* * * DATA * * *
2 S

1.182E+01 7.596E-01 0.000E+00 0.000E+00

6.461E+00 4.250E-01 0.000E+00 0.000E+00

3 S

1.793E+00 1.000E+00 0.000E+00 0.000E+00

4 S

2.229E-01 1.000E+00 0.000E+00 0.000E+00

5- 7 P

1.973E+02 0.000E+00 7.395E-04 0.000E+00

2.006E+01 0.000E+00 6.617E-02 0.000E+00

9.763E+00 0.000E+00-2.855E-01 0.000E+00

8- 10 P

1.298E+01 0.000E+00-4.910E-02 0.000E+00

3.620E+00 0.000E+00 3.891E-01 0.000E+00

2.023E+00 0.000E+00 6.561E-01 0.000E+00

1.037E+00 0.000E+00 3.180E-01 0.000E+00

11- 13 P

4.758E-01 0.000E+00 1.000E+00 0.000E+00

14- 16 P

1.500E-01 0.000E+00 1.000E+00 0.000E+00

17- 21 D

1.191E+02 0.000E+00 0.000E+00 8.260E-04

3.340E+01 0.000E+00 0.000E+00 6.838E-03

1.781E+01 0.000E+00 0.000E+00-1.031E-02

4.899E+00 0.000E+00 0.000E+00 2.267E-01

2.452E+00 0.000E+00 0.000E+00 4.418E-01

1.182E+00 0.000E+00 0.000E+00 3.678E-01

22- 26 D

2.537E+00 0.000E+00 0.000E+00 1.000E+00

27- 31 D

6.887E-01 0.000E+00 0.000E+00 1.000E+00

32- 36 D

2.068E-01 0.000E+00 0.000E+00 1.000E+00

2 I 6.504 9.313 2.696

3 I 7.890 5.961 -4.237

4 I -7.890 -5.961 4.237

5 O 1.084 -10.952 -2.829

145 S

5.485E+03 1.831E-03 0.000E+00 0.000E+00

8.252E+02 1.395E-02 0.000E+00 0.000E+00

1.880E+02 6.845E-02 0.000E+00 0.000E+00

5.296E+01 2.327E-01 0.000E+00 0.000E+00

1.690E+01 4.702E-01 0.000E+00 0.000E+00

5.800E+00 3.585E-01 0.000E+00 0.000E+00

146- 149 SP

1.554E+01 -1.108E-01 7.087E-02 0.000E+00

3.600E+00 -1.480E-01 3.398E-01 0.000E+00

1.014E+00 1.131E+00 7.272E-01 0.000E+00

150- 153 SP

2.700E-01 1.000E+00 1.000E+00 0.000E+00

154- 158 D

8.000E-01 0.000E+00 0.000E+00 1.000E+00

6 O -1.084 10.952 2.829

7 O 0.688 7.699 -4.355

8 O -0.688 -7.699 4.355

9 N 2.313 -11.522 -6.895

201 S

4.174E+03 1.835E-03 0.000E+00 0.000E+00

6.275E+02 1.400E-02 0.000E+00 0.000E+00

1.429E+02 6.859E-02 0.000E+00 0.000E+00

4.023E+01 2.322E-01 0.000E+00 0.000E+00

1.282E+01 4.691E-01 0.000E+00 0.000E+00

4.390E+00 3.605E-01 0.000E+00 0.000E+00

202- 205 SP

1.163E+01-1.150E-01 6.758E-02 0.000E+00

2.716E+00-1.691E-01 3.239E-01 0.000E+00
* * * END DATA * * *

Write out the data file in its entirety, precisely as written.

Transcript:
2 S

1.182E+01 7.596E-01 0.000E+00 0.000E+00

6.461E+00 4.250E-01 0.000E+00 0.000E+00

3 S

1.793E+00 1.000E+00 0.000E+00 0.000E+00

4 S

2.229E-01 1.000E+00 0.000E+00 0.000E+00

5- 7 P

1.973E+02 0.000E+00 7.395E-04 0.000E+00

2.006E+01 0.000E+00 6.617E-02 0.000E+00

9.763E+00 0.000E+00-2.855E-01 0.000E+00

8- 10 P

1.298E+01 0.000E+00-4.910E-02 0.000E+00

3.620E+00 0.000E+00 3.891E-01 0.000E+00

2.023E+00 0.000E+00 6.561E-01 0.000E+00

1.037E+00 0.000E+00 3.180E-01 0.000E+00

11- 13 P

4.758E-01 0.000E+00 1.000E+00 0.000E+00

14- 16 P

1.500E-01 0.000E+00 1.000E+00 0.000E+00

17- 21 D

1.191E+02 0.000E+00 0.000E+00 8.260E-04

3.340E+01 0.000E+00 0.000E+00 6.838E-03

1.781E+01 0.000E+00 0.000E+00-1.031E-02

4.899E+00 0.000E+00 0.000E+00 2.267E-01

2.452E+00 0.000E+00 0.000E+00 4.418E-01

1.182E+00 0.000E+00 0.000E+00 3.678E-01

22- 26 D

2.537E+00 0.000E+00 0.000E+00 1.000E+00

27- 31 D

6.887E-01 0.000E+00 0.000E+00 1.000E+00

32- 36 D

2.068E-01 0.000E+00 0.000E+00 1.000E+00

2 I 6.504 9.313 2.696

3 I 7.890 5.961 -4.237

4 I -7.890 -5.961 4.237

5 O 1.084 -10.952 -2.829

145 S

5.485E+03 1.831E-03 0.000E+00 0.000E+00

8.252E+02 1.395E-02 0.000E+00 0.000E+00

1.880E+02 6.845E-02 0.000E+00 0.000E+00

5.296E+01 2.327E-01 0.000E+00 0.000E+00

1.690E+01 4.702E-01 0.000E+00 0.000E+00

5.800E+00 3.585E-01 0.000E+00 0.000E+00

146- 149 SP

1.554E+01 -1.108E-01 7.087E-02 0.000E+00

3.600E+00 -1.480E-01 3.398E-01 0.000E+00

1.014E+00 1.131E+00 7.272E-01 0.000E+00

150- 153 SP

2.700E-01 1.000E+00 1.000E+00 0.000E+00

154- 158 D

8.000E-01 0.000E+00 0.000E+00 1.000E+00

6 O -1.084 10.952 2.829

7 O 0.688 7.699 -4.355

8 O -0.688 -7.699 4.355

9 N 2.313 -11.522 -6.895

201 S

4.174E+03 1.835E-03 0.000E+00 0.000E+00

6.275E+02 1.400E-02 0.000E+00 0.000E+00

1.429E+02 6.859E-02 0.000E+00 0.000E+00

4.023E+01 2.322E-01 0.000E+00 0.000E+00

1.282E+01 4.691E-01 0.000E+00 0.000E+00

4.390E+00 3.605E-01 0.000E+00 0.000E+00

202- 205 SP

1.163E+01-1.150E-01 6.758E-02 0.000E+00

2.716E+00-1.691E-01 3.239E-01 0.000E+00